In the first view, man and woman are essentially one. The human being, like God, is a fusion of “din” (justice) and “rachamim” (compassion).

In the second view the two genders are essentially different. But each one needs the other.

United in marriage, man and woman combine to become a balanced partnership.

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WERE ADAM & EVE JEWISH?

When I was a professional youth worker I went up and down the British Isles organising Jewish programs. I gave talks to youth clubs in countless places and also frequently addressed adult groups and even senior citizens’ clubs.

At one such club in the East End of London, appropriately named the Zekeinim Club, I gave occasional talks on Sunday afternoons.

On one occasion, regardless of the official title of my address, one of the Yiddish-speaking audience asked me in question time, “Adam and Eve – they was Jewish, yes?”

I probably disappointed the questioner by having to say “No”. Religion had not yet come into being. Nor were there any religious commandments, though of course the beginning of B’reshit told Adam and Eve to be fruitful and multiply and replenish the earth.

When the structure of Divine commandments was complete, this became mitzvah number 1 and it still is, but at that point it could not be said to be addressed to the Jewish people because there was no Jewish people.

Yet there is actually a point in the question I was asked. It is not so much that Adam and Eve were Jewish, but that Judaism interprets their career in a distinctive way.

Where Christianity builds a whole superstructure on their sin and, at least in circles that still teach this theology, propounded a doctrine of original sin whereby Adam and Eve’s descendants are deemed eternally tainted unless they rise above the taint by means of belief.

What Judaism did was to stick more closely to the text. It noted that God told the first couple that if they disobeyed Him they would surely die (Gen. 2:17); the effect of their sin was that death was brought into the world.

It is true that there are views here and there in rabbinic sources that speak of a load of guilt sitting on Adam and Eve’s descendants, but such views are not standard or normative.

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NO DISTINCTIONS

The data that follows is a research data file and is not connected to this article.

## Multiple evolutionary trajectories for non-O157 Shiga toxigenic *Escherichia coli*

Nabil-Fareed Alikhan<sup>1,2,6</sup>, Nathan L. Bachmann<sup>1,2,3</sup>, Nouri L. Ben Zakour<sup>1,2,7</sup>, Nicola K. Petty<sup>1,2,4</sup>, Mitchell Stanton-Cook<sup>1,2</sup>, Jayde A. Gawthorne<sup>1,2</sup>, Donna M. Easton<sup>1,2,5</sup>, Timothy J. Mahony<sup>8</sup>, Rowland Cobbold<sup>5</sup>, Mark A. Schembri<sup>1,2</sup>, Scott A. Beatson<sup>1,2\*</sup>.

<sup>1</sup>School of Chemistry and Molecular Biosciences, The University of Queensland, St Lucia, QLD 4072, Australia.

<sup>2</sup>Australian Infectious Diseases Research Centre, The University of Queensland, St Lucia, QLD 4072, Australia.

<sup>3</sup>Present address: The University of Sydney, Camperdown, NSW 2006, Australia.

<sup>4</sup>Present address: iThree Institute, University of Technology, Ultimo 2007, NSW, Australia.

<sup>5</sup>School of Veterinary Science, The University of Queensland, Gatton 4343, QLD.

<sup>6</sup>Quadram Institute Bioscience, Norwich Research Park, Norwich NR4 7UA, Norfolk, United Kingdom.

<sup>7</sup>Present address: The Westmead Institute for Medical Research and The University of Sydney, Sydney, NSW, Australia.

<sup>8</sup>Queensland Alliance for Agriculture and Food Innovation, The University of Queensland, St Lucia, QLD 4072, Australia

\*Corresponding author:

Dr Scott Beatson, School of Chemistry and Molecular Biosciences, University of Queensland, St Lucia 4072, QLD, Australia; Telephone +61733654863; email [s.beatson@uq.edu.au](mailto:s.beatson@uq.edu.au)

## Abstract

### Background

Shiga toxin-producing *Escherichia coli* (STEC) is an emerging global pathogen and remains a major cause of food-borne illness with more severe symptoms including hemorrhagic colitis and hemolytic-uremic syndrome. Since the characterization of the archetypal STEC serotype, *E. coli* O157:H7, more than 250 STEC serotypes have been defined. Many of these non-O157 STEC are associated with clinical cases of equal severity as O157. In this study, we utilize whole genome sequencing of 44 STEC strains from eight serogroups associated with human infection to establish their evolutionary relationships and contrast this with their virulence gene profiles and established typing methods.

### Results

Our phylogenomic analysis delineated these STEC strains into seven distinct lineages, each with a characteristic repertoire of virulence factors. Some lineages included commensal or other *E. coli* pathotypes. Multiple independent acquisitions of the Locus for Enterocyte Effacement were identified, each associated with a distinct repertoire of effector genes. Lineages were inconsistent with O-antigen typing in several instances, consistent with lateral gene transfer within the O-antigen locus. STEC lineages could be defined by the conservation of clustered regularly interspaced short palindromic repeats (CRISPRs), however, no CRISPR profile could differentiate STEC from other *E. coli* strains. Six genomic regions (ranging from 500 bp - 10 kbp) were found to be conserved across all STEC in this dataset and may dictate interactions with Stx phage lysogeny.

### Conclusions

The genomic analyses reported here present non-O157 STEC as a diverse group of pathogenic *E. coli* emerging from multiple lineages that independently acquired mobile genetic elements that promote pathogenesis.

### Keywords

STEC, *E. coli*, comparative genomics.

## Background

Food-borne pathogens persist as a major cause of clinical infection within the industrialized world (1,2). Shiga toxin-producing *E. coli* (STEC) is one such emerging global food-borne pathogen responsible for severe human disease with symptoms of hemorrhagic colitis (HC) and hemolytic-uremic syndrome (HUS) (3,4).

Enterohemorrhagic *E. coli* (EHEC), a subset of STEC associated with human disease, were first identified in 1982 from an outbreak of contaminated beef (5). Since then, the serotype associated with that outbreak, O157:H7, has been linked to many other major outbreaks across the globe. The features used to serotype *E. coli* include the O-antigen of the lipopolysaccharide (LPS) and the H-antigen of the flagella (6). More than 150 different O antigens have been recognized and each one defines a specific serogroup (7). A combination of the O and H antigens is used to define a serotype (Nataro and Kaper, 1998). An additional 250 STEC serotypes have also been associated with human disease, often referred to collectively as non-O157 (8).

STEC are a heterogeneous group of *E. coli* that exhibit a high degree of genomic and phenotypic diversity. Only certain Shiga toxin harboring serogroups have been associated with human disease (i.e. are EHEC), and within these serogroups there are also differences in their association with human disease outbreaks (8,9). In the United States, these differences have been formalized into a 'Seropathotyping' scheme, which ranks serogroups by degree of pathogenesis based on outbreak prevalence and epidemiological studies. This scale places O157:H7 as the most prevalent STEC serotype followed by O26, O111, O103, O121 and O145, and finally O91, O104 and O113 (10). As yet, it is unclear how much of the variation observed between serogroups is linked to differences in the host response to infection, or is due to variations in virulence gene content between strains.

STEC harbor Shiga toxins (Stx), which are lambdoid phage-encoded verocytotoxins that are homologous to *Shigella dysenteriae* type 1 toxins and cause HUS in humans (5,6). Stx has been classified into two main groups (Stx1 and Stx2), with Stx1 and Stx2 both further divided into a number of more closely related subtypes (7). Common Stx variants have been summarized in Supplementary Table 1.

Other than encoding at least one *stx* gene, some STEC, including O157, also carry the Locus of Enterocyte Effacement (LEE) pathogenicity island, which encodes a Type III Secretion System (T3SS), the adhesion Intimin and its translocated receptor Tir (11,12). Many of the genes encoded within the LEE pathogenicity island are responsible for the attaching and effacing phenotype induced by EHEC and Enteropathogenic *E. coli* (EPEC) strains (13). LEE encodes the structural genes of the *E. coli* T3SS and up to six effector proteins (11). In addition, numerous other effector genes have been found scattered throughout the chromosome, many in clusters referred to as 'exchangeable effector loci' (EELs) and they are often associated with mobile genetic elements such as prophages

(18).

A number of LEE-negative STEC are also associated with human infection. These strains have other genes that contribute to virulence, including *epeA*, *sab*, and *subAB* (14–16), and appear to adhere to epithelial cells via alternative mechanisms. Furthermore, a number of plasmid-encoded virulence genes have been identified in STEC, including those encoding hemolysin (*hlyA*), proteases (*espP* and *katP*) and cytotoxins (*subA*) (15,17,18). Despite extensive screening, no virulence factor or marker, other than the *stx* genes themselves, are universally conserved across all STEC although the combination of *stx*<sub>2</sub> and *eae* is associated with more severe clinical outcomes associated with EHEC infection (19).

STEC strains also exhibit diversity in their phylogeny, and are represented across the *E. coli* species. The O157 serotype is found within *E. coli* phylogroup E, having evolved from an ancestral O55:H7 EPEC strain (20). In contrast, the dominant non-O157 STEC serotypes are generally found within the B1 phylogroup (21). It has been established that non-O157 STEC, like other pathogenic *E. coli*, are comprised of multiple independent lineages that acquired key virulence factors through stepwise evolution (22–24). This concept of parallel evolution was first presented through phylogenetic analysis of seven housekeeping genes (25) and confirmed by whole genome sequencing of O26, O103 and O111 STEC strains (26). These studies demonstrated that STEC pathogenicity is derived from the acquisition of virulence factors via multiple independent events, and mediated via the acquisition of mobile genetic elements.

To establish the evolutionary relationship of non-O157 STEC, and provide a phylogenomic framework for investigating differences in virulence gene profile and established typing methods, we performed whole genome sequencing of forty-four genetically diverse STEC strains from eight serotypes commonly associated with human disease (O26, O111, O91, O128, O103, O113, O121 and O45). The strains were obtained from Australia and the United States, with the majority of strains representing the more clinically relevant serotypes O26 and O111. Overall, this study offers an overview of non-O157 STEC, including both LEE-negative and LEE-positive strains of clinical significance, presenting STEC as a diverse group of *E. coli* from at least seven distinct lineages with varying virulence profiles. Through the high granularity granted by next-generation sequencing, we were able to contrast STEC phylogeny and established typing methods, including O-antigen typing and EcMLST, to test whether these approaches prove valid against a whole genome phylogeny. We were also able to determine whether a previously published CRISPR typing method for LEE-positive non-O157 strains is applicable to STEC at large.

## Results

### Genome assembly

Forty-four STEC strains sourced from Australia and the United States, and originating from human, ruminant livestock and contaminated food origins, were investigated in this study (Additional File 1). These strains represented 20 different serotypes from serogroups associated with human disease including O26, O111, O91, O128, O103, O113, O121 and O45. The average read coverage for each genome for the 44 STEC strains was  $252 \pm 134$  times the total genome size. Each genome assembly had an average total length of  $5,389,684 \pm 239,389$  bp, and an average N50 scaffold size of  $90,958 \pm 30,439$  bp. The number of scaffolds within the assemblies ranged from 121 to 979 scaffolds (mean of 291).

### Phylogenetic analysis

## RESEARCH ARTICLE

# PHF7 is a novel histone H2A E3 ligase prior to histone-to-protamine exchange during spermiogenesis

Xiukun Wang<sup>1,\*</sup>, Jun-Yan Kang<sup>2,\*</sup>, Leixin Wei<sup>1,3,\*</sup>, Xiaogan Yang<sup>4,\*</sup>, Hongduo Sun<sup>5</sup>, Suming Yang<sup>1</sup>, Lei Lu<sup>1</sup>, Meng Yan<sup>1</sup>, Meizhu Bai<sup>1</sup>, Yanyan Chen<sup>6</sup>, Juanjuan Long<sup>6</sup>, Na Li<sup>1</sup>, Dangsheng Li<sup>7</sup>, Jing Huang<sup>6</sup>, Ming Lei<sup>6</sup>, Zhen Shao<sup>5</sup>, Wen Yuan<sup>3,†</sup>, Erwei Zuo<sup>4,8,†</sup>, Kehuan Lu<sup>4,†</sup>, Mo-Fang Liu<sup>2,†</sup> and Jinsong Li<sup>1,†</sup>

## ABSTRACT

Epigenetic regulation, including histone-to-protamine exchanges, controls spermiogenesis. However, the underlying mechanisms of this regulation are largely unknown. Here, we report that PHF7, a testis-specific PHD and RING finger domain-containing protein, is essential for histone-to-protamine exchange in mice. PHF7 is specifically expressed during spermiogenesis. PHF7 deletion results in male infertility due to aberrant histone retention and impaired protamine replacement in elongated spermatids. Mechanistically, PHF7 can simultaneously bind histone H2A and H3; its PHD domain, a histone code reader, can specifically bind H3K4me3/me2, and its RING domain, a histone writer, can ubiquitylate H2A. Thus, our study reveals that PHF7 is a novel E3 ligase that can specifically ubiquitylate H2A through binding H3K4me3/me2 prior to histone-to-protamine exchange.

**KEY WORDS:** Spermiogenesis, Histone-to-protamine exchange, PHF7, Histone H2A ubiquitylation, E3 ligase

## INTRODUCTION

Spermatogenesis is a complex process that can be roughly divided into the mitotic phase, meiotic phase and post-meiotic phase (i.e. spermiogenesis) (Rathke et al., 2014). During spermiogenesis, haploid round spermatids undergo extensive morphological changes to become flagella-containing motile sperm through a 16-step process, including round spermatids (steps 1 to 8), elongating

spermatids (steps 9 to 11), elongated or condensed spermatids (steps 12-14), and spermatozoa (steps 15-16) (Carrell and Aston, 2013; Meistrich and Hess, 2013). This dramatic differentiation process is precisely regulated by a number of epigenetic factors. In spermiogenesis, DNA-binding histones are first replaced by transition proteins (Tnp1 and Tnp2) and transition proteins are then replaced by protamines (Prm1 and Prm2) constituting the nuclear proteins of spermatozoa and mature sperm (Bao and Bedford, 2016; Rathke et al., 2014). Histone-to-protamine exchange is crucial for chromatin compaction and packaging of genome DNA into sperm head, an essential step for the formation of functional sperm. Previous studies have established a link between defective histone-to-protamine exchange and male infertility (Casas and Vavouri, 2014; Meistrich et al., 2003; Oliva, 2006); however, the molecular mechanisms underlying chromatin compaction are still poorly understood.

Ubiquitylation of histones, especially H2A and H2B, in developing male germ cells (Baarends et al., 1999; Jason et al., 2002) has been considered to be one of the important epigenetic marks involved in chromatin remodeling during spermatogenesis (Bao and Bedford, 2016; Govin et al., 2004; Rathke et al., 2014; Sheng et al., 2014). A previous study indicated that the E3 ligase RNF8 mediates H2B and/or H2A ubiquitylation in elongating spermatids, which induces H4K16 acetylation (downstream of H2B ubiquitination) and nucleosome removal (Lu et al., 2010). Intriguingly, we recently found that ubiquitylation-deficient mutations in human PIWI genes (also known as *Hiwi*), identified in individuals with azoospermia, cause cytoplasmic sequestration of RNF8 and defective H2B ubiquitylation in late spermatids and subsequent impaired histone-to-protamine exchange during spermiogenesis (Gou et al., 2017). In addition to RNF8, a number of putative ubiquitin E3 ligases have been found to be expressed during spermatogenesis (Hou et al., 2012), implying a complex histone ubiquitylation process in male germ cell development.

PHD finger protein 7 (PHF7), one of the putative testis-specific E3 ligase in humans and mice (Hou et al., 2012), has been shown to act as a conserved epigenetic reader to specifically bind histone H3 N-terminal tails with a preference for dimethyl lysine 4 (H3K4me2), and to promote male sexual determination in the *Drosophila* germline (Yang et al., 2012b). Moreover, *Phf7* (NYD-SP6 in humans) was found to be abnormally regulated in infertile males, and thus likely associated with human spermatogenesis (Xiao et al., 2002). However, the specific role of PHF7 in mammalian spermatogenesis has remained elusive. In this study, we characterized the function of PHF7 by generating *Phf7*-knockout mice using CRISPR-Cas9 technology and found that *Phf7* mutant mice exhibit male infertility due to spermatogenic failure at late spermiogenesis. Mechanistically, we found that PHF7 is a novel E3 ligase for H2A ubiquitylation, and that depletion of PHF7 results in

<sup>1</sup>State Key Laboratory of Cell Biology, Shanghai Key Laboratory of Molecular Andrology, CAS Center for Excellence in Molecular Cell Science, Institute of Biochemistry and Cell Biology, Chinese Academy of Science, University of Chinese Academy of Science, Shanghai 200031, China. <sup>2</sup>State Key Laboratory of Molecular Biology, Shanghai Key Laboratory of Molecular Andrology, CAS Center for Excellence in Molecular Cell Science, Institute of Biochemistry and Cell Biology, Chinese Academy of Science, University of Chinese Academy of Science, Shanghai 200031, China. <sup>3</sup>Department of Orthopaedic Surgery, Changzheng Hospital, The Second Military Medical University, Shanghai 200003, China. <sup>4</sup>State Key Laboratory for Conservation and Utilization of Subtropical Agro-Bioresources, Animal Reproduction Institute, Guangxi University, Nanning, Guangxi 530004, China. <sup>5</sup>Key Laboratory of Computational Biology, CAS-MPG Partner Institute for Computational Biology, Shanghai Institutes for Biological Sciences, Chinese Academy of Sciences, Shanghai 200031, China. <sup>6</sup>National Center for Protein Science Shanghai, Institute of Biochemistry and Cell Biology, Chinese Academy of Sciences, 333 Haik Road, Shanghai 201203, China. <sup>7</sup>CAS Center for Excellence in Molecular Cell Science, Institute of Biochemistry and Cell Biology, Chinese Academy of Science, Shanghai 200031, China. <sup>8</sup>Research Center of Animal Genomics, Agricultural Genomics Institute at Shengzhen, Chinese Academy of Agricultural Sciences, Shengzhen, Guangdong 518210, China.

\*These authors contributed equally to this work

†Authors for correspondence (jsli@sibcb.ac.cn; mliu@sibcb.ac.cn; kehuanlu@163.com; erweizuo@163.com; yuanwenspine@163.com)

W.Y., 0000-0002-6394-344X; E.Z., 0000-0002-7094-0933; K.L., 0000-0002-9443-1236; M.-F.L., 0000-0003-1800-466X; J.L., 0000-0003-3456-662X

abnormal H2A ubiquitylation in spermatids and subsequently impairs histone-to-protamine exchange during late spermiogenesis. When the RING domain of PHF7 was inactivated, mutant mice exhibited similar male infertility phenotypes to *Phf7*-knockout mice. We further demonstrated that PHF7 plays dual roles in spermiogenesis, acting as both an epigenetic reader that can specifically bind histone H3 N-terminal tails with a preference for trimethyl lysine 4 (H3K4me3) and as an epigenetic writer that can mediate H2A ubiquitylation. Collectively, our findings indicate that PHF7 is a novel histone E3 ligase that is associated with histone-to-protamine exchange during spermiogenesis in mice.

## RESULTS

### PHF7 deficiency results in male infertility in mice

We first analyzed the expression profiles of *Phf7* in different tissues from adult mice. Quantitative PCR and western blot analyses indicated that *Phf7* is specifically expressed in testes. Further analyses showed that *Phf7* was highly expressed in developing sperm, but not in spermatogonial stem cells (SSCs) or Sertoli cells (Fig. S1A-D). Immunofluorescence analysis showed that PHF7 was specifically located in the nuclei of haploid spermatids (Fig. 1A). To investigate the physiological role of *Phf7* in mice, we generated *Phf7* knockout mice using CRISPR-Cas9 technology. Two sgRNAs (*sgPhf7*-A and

Q. Why do Jews only care about their fellow Jews?

A. They don’t. You are quite wrong. Jews have always worked for the well-being of mankind as a whole.

Job says, “I was eyes to the blind and feet to the lame. I was a father to the poor, and I searched out the cause of him that I did not know” (Job 29:15-17).

Not a word here about the blind, lame, poor or disadvantaged being Jewish.

Are The Ten Commandments Still Relevant Today?

Are the Ten Commandments still in effect today? Are they still relevant to the believer in this day?

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The Ten Commandments

When God gave Moses the Ten Commandments to bring to the nation of Israel, they are not the “ten suggestions” or “ten rules to live by” but commandments from God. But were these commandments only given to the nation of Israel or were they for all of mankind? Jesus referred to the commandments when a rich man came up to Jesus and asked him how he might receive eternal life. The man came up to Jesus and asked Him, “Good Teacher, what must I do to inherit eternal life?” And Jesus said to him, “Why do you call me good? No one is good except God alone. You know the commandments: ‘Do not murder, Do not commit adultery, Do not steal, Do not bear false witness, Do not defraud, Honor your father and mother” (Mark 10:17b-19). The young man, sounding self-righteous said “Teacher, all these I have kept from my youth.” And Jesus, looking at him, loved him, and said to him, ‘You lack one thing: go, sell all that you have and give to the poor, and you will have treasure in heaven; and come, follow me.’ Disheartened by the saying, he went away sorrowful, for he had great possessions” (Mark 10:20-22). The fact that Jesus says the man should know the commandments, and then mentions some of them, shows that they were still valid at that time, but what about today, some 2,000 years later?